POLITICS

NSW Government To Introduce Laws To Protect Police Who Shoot Terrorists

Premier Gladys Berejiklian has responded to the findings of the Lindt Cafe Siege Coronial Inquest.

08/06/2017 2:14 PM AEST | Updated 08/06/2017 2:15 PM AEST

New South Wales Premier Gladys Berejiklian has announced the state government will introduce new shoot-to-kill legislation aimed at protecting police in terror situations.

In her official response to the findings of the Lindt Cafe Siege Coronial Inquest which were handed down in May, Berejiklian said on Thursday her government would accept all 45 recommendations of the 600 page inquiry report, including to provide police with extra powers.

"NSW will continue to have the toughest counter-terror laws in the country and we will now give our police clear protections if they need to use lethal force against terrorists," she said in a statement.

"I'm pleased to say this morning Cabinet has met and the NSW government will be adopting and supporting all of the 45 recommendations.

"Some of the recommendations obviously relate to Federal government agencies or else jurisdictions outside NSW, and of course we will support all of those recommendations and work with those relevant agencies.

"Those that relate to specifically to NSW and NSW agencies, we will be accepting in full. Some of them require us to review processes which we will be doing, some of them advocate for other measures which we will be accepting."

The new laws, which are expected to be introduced into the NSW parliament by the end of June alongside laws designed to tighten parole provisions by considering a person's links to terrorism, will cover a "grey area" in state legislation that makes it unclear whether police can shoot dead a terror suspect prior to there being any clear harm to the public, according to the ABC.

NSW Police Commissioner Mick Fuller said police already have the legal protection to shoot a terrorist dead in circumstances similar to the London Attacks but snipers may not have been allowed to shoot Man Haron Monis in the Sydney Siege prior to him harming a hostage.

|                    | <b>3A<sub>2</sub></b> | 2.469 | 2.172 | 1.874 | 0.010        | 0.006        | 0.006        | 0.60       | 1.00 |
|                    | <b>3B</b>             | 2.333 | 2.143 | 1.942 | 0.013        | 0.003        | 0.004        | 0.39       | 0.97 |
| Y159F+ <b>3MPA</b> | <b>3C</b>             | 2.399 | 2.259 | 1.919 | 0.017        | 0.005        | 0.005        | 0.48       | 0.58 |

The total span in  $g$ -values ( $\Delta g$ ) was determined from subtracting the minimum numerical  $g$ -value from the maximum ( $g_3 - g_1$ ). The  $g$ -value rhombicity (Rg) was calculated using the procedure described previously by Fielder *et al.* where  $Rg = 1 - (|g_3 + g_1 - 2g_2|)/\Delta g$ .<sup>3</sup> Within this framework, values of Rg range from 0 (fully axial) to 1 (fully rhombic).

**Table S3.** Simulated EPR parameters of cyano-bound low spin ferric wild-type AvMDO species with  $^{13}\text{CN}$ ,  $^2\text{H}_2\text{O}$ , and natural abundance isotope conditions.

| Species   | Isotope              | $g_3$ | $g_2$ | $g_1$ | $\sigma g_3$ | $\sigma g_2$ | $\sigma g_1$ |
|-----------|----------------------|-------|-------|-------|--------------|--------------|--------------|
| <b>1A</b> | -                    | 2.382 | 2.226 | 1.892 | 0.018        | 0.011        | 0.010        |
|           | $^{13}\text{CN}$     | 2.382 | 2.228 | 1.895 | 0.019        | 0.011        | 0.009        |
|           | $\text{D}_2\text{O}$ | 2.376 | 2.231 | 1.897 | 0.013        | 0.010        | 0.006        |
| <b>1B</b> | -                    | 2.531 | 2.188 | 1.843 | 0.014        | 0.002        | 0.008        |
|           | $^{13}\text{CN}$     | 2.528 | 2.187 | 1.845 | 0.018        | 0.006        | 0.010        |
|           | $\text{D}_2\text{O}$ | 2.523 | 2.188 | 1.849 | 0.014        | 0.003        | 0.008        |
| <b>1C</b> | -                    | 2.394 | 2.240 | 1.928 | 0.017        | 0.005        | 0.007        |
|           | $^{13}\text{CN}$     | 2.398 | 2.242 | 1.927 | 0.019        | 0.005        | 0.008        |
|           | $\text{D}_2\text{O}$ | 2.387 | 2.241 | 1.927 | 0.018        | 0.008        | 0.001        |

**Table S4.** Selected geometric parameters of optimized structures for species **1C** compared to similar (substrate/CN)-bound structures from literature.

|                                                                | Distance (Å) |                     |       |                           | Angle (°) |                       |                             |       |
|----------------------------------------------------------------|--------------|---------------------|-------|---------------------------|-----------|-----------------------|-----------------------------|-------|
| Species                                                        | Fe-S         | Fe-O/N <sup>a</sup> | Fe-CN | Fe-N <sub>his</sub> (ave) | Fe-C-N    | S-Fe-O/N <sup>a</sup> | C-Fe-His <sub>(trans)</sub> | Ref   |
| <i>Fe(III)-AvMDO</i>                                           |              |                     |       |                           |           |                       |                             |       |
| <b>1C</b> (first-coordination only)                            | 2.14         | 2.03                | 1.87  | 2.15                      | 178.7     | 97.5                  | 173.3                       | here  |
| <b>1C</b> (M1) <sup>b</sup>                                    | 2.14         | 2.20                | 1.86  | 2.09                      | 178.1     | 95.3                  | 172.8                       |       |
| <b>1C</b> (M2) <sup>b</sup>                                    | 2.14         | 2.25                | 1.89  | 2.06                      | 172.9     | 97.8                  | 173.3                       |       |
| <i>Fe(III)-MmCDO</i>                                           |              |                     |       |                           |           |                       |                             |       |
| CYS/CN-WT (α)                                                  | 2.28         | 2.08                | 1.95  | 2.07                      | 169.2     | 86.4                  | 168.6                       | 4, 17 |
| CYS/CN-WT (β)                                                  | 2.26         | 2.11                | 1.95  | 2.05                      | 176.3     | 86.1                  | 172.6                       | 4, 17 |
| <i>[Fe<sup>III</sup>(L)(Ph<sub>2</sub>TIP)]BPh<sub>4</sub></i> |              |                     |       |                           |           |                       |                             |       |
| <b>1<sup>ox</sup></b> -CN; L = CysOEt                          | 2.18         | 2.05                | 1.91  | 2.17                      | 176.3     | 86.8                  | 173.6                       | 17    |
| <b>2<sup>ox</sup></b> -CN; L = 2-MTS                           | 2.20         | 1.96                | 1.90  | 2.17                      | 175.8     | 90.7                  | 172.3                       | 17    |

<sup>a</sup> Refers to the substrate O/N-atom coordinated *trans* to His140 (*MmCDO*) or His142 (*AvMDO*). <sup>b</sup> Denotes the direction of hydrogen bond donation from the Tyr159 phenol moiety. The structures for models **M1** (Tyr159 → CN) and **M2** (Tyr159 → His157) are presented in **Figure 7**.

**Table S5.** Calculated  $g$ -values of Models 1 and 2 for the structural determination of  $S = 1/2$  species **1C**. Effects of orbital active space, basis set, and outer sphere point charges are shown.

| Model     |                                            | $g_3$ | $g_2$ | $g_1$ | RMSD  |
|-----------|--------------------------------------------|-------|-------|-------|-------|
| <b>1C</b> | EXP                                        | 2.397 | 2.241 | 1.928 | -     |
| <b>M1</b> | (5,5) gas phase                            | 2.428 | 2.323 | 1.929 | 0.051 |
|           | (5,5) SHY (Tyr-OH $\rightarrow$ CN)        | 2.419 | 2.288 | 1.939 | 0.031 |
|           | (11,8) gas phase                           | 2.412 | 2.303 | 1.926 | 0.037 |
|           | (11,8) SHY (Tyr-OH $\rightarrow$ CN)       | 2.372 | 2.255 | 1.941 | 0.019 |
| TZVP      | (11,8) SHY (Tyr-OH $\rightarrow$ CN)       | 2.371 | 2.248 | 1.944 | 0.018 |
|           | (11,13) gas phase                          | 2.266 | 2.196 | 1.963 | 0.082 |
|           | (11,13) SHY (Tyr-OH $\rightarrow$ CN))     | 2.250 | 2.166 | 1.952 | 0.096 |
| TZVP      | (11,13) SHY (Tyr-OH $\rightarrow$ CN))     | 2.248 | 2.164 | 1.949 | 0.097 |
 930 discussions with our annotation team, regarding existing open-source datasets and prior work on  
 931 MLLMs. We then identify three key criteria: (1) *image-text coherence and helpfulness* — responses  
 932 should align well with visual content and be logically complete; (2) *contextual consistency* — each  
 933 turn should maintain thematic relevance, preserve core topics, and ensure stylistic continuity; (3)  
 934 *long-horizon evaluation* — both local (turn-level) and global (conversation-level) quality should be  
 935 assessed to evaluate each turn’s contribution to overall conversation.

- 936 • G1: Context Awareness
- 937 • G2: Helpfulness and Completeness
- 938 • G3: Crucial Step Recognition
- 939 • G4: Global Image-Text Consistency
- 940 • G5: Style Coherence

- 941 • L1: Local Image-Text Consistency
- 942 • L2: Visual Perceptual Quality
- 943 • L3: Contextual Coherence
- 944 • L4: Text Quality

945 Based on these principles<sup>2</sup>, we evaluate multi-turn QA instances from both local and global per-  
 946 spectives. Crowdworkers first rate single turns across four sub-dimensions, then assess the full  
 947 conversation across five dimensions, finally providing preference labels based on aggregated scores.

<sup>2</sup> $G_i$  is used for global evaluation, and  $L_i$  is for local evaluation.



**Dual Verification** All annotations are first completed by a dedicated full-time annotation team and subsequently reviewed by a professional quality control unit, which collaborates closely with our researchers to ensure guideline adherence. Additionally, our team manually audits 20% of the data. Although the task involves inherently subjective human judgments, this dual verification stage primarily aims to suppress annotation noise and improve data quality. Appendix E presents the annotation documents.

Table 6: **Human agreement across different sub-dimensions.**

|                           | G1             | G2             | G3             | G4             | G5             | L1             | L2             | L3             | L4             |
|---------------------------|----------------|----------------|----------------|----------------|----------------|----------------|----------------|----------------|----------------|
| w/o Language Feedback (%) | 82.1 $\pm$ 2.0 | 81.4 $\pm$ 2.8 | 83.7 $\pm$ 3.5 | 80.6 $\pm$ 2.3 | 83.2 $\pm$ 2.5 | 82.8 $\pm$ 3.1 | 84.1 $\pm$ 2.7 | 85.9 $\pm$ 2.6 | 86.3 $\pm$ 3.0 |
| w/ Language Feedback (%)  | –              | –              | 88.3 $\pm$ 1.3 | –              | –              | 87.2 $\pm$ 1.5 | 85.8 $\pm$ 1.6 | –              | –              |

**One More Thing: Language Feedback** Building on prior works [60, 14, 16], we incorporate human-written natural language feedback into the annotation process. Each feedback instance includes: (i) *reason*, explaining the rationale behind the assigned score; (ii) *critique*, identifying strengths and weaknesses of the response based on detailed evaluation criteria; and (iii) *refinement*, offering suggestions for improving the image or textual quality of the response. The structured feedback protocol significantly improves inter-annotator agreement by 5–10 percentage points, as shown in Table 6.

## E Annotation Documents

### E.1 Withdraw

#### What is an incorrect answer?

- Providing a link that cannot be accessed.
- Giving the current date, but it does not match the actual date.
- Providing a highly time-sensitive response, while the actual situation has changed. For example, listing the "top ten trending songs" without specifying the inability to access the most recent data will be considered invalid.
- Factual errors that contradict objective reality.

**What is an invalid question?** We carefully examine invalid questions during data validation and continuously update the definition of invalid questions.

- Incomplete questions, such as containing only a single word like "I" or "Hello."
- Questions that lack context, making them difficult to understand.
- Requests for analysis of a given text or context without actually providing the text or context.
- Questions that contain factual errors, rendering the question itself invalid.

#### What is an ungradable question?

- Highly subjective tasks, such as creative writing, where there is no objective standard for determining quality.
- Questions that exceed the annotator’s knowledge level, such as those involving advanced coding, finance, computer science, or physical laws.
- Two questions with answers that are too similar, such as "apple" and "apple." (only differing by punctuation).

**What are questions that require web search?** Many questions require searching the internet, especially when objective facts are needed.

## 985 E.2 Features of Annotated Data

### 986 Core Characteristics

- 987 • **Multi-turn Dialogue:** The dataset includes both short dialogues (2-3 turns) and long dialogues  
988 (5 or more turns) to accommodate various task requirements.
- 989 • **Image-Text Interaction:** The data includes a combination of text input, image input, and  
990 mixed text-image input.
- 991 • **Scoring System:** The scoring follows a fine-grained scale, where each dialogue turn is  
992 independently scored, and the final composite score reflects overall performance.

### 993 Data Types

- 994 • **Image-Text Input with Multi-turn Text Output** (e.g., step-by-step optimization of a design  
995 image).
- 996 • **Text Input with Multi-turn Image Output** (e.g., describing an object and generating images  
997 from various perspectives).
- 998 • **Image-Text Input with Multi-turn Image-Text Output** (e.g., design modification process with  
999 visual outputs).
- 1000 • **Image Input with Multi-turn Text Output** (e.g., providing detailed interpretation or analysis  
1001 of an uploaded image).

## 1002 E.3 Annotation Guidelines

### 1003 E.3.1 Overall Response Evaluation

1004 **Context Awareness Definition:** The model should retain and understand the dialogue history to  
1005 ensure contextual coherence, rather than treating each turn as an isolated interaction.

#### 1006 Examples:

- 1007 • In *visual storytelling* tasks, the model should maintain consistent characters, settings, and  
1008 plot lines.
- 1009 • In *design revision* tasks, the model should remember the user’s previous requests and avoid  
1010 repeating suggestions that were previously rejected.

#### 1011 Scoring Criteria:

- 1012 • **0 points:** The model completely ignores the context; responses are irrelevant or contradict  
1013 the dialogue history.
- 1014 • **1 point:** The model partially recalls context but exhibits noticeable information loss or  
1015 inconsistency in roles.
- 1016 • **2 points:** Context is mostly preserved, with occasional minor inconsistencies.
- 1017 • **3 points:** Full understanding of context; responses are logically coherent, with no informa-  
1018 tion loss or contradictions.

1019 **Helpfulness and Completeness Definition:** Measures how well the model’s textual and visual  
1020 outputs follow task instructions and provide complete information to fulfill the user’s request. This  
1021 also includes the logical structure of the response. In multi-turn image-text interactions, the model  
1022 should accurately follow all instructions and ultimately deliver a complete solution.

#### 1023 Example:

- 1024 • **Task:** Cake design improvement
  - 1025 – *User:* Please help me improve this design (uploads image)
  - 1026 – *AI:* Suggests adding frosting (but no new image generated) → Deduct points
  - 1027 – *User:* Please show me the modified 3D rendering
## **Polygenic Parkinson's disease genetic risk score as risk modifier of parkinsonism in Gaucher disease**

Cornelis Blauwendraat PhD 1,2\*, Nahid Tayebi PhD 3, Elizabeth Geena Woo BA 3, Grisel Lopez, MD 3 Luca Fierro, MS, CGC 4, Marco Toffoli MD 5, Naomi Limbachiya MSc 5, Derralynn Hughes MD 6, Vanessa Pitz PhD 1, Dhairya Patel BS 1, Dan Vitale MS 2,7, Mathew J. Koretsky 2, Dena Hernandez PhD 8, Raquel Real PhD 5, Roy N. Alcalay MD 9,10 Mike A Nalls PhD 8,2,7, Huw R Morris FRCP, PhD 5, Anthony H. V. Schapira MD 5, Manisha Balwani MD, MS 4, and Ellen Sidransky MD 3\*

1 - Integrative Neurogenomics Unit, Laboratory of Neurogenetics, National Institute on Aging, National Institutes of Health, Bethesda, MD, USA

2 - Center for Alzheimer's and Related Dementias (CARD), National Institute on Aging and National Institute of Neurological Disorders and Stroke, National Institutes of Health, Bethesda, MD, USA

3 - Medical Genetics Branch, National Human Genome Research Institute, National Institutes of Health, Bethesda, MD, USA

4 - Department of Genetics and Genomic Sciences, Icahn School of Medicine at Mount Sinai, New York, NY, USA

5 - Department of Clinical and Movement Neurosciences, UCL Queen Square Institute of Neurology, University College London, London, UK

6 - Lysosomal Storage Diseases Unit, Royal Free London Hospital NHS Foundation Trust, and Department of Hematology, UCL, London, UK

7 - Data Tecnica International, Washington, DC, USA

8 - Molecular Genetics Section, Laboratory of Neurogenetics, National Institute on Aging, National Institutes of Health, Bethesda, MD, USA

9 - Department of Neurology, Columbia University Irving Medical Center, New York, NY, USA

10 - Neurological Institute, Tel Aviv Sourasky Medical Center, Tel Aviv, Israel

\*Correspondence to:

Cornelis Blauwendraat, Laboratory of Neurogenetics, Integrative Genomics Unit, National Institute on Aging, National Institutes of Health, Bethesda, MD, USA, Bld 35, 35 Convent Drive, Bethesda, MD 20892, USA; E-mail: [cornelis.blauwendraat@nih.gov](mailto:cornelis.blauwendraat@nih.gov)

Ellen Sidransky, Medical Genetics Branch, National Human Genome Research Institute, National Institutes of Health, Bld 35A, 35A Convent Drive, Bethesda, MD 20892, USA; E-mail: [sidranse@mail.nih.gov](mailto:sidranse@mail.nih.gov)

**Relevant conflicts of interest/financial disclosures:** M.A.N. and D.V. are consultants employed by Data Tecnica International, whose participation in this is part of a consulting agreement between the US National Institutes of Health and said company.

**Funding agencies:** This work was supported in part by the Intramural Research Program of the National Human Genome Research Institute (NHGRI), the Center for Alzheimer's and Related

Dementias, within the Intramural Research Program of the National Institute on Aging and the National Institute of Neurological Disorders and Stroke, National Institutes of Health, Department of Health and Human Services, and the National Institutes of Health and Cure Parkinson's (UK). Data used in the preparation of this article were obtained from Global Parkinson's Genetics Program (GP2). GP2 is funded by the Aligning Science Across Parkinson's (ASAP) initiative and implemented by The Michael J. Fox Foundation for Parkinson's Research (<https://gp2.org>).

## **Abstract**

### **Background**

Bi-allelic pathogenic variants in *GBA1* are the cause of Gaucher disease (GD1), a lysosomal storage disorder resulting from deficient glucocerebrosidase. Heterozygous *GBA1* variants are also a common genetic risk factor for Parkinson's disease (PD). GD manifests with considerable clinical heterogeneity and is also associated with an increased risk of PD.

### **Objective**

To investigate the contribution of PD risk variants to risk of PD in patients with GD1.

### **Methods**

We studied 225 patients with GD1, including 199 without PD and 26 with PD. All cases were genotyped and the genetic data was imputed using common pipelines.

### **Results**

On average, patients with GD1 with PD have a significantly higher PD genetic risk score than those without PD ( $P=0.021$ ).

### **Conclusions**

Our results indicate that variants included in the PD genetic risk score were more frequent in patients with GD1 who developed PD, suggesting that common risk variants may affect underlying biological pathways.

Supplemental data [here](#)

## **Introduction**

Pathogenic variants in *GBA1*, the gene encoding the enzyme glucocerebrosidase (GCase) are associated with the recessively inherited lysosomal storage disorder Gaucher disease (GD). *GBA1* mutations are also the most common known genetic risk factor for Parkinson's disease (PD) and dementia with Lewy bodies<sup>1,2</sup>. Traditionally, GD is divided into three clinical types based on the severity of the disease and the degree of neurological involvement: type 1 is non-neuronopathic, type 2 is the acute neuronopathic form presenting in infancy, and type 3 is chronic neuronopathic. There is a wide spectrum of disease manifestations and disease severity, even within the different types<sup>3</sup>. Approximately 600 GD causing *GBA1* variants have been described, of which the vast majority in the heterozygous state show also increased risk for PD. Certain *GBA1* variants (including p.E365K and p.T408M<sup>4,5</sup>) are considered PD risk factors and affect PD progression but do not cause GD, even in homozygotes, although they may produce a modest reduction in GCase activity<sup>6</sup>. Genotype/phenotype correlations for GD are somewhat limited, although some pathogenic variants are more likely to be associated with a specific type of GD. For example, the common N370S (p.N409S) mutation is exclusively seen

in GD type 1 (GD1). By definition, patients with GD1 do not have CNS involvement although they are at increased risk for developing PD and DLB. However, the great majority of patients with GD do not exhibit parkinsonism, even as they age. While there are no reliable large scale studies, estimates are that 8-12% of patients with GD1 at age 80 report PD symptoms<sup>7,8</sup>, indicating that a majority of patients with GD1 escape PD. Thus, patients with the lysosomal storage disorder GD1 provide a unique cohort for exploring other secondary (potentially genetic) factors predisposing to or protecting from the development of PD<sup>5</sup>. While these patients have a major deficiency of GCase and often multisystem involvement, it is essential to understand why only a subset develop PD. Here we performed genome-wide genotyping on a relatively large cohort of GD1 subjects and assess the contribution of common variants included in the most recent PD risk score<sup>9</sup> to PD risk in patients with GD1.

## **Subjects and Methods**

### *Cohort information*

Under the new legislation, the state Police Commissioner can declare similar events as a 'terrorist incident' and allow police to take lethal force against terror suspects with a pre-emptive kill-shot.

As part of the Coronial Inquest findings handed down in May, NSW State Coroner Michael Barnes was particularly critical of the Department of Public Prosecution for failing to secure Man Monis' bail in the weeks leading up to the siege, and the police psychiatrist who advised police negotiators for overstepping his role.

He also found that the police response was inadequate in terms of police negotiators' approach in dealing with gunman, the delay in police entering the Lindt Cafe after Man Monis started firing and the "infrequent and inadequate" information provided to the families of hostages.

Australia's Attorney-General and Liberal Senator George Brandis also handed down his response to the findings on Thursday, saying the Federal government will accept "all Commonwealth related recommendations" of the inquest report.

"The Turnbull government will work cooperatively with the states and territories, consistent with our already strong national arrangements, to give effect to these recommendations," he said.

"This includes supporting work to strengthen information sharing in relation to criminal history, including bail and parole, and further consulting with states and territories on ADF call out powers."

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